This past Christmas Day was one of the coldest New York has seen in a few years. However, it was even colder for some residents living in Harlem.
Residents at an East Harlem public housing development were without heat and hot water for three days over the Christmas holiday. Unfortunately, that is not the first time they experienced these issues.
According to a recent article, over 80 percent of the tenants in the development have experienced heating issues in the past two years. According to the New York Community Housing Association, the outages affected more than 3,300 people this past Christmas. Many other tenants around the state experience similar issues.
With temperatures near 30 degrees, tenants were forced to boil water on their stove tops to stay warm. Other tenants bundled up in multiple layers of clothing and taped garbage bags around the windows to keep the cold air from seeping the cracks. What many residents did not know was that their landlords were failing their legal duties.
New York City laws
According to the New York State Multiple Dwelling law, landlords in New York are required to provide heat and hot water in their facilities. In October through May, landlords must keep the temperatures in the buildings at least 68 degrees during the day (6 a.m. to 10 p.m.), if the temperature outside gets lower than 55 degrees, and at least 62 degrees at night (10 p.m. to 6 a.m.). Additionally, hot water at 120 degrees must be provided every day of the year.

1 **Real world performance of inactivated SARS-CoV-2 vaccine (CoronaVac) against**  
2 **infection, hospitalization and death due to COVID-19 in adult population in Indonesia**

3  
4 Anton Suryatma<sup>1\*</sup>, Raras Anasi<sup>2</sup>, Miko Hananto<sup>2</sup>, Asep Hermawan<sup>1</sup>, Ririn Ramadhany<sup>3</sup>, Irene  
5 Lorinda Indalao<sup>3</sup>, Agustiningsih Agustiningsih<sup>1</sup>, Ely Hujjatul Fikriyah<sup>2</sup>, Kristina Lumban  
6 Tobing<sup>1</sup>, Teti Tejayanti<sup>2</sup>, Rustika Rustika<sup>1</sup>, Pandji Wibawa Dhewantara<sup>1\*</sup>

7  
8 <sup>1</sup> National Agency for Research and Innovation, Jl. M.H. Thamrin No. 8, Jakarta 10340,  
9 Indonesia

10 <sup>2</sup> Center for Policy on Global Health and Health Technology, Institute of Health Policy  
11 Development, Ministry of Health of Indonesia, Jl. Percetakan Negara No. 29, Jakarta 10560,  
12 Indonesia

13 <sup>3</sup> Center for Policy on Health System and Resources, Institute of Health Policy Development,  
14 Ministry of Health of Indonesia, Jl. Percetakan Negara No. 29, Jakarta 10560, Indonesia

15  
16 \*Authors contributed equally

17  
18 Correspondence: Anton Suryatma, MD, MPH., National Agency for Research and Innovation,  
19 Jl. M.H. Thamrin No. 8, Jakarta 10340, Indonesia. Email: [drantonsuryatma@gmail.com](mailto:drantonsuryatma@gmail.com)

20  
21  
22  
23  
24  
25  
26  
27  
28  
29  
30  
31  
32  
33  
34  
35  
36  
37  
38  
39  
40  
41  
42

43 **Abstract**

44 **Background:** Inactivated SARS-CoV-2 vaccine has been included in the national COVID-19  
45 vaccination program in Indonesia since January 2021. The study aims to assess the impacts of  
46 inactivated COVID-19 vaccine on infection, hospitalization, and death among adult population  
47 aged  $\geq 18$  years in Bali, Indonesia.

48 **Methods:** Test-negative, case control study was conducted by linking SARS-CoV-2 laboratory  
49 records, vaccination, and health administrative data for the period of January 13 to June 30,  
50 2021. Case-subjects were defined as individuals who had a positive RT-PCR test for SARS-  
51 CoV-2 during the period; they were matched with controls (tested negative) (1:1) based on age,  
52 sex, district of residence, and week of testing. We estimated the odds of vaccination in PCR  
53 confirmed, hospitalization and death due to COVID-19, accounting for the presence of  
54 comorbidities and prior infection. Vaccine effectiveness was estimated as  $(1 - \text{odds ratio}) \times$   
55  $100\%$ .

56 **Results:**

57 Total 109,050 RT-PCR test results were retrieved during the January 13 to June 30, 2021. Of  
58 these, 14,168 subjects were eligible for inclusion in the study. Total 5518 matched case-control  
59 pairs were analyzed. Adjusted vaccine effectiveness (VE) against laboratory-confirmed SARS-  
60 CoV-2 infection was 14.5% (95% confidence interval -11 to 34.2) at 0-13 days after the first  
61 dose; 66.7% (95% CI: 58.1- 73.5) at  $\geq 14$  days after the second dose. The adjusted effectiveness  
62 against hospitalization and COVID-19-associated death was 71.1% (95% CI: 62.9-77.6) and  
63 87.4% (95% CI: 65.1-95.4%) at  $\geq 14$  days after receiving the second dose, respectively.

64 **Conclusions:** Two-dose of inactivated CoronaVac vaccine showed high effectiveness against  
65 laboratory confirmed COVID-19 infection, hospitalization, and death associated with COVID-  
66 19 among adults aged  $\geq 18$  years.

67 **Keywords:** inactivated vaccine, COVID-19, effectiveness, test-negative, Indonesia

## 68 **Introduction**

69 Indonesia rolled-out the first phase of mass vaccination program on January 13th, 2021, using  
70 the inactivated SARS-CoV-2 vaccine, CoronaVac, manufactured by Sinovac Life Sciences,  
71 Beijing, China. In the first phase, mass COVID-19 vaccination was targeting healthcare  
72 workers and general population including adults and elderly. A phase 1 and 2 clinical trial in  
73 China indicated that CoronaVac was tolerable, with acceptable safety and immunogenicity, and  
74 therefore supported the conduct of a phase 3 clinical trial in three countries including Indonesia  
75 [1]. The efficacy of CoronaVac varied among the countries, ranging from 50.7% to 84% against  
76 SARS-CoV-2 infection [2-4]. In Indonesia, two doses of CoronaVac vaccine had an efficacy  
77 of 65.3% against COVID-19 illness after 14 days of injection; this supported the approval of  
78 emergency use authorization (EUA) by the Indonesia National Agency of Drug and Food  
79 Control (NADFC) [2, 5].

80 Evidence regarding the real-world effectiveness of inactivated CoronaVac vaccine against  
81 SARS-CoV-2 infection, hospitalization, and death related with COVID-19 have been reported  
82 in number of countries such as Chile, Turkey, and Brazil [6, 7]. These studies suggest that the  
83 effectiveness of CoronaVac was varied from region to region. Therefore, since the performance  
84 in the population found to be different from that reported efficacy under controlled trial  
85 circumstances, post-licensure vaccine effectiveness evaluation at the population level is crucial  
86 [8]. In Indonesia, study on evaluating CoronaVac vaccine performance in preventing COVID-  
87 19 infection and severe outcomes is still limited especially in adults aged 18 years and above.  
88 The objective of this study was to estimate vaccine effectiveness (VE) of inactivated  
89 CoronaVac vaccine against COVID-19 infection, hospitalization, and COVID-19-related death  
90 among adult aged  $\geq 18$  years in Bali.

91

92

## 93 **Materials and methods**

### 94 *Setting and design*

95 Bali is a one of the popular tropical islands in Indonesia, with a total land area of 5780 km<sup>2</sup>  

According to the Attorney General of the state of New York, tenants are protected by federal and state laws that require landlords to perform specific duties. A landlord breaches his duty of habitability by “failure to provide heat or hot water on a regular basis.” Similarly, a landlord is required to keep the facilities in “good repair” and maintain heating systems, including furnace systems and hot water.
If a landlord fails to properly maintain a property, serious injuries can occur. It can be beneficial to speak with an experienced legal professional to discuss your options before it is too late.